WE PREACH, "DESIGN AND INNOVATION CAN SUPPORT ORGANIZATION AND INDIVIDUAL LEARNING"

Today's complex, rapidly-changing, uncertain world requires an education that prepares graduates for incredible challenges and opportunities on a global economic landscape. The German economist Klaus Schwab (as cited by Hume, 2012) who founded the World Economic Forum in 1971, cites the need for "new decision-making models ... to account for changed global realities" (p. 2). We describe two examples of management education courses designed to respond to that need: an international, interdisciplinary capstone course and a business and design course. These courses incorporate changes in content, format, and outcomes to closely resemble the environment in which business graduates need to function including: action learning, reflective practice, and cross-cultural/interdisciplinary partnerships. Students are prepared to be innovative, critical thinkers and problem solvers while developing real solutions to real problems in real-world settings. Both present promising practices for business education designed to prepare today's graduates to lead in today's world in a manner that supports learning and tracking the quality of learning as the course progresses.

International Consultancy

Maznevski and Chudoba (2000) suggest that multicultural groups typically offer higher potential for performance on complex tasks than culturally homogeneous groups. Reynolds and Vince (2004) and Grey (2004) note the potential of action learning for advancing important management perspectives. To explore these ideas, faculty from Johns Hopkins University and the University of Augsburg partnered to design an international, capstone project for organization development (OD) and Master's of business administration (MBA) students. Faculty members developed a list of learning outcomes in business and cultural competencies. The experience involves a videoconference orientation, cross cultural teamwork on a real business project, 6 weeks of virtual team work, and a one week residency on site at the client organizations in the United States or in Germany.

The students work in mixed cross-cultural and cross discipline learning teams of five students on a strategic initiative for their client. Client organization partners are selected based on the quality of the project, availability of executive support, and willingness to provide an onsite 1-week residency. A faculty team representing both universities developed learning outcomes. The learning outcomes consist of competence in: business management, leadership and personal integrity, change management, organization development, evaluation and assessment, business strategy, market development, and human capital development.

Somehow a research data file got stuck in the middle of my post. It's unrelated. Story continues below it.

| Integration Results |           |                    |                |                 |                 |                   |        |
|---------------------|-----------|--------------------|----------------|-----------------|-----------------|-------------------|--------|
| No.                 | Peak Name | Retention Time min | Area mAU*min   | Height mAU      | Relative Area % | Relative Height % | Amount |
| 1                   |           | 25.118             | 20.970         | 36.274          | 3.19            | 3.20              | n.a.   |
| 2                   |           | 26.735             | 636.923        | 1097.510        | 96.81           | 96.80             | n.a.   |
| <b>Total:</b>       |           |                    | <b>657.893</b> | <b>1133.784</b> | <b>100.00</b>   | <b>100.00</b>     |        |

Students complete a cultural competency survey prior to the first class session, at the start of the residency, and at the end of the experience. The initial session of the course is a group videoconference for all students and faculty. Students use private videoconference time to introduce themselves and establish a protocol for their team.

For 6 weeks, students work collaboratively through Blackboard and weekly Skype phone conferences. Each student team uses a project based learning approach (DeFillippi, 2001) to address the project. Teams hold conference calls with the client partner. Students submit a weekly report on Blackboard. In addition, individual students, guided by both Schón's (1983) and Seibert and Daudelin's (1999) reflective practice models, submit a weekly journal with faculty members providing strategic questions, guidance, and resources as well as feedback on reports.

After engaging in online learning for 6 weeks, students meet each other and their client in a 1-week residency. Students submit daily reflections, document their learning, and complete the cultural competency survey a second time. They debrief each evening with the faculty. Student teams present their work to their client's executive team to culminate the week.

Analysis of student products, reflections, and documentation of learning support changes in critical thinking and problem-solving approaches and abilities. Students report that upon completion of the course, they have received promotions, secured employment in international companies, and felt more confident in decision making and creative, interdisciplinary problem solving.

 
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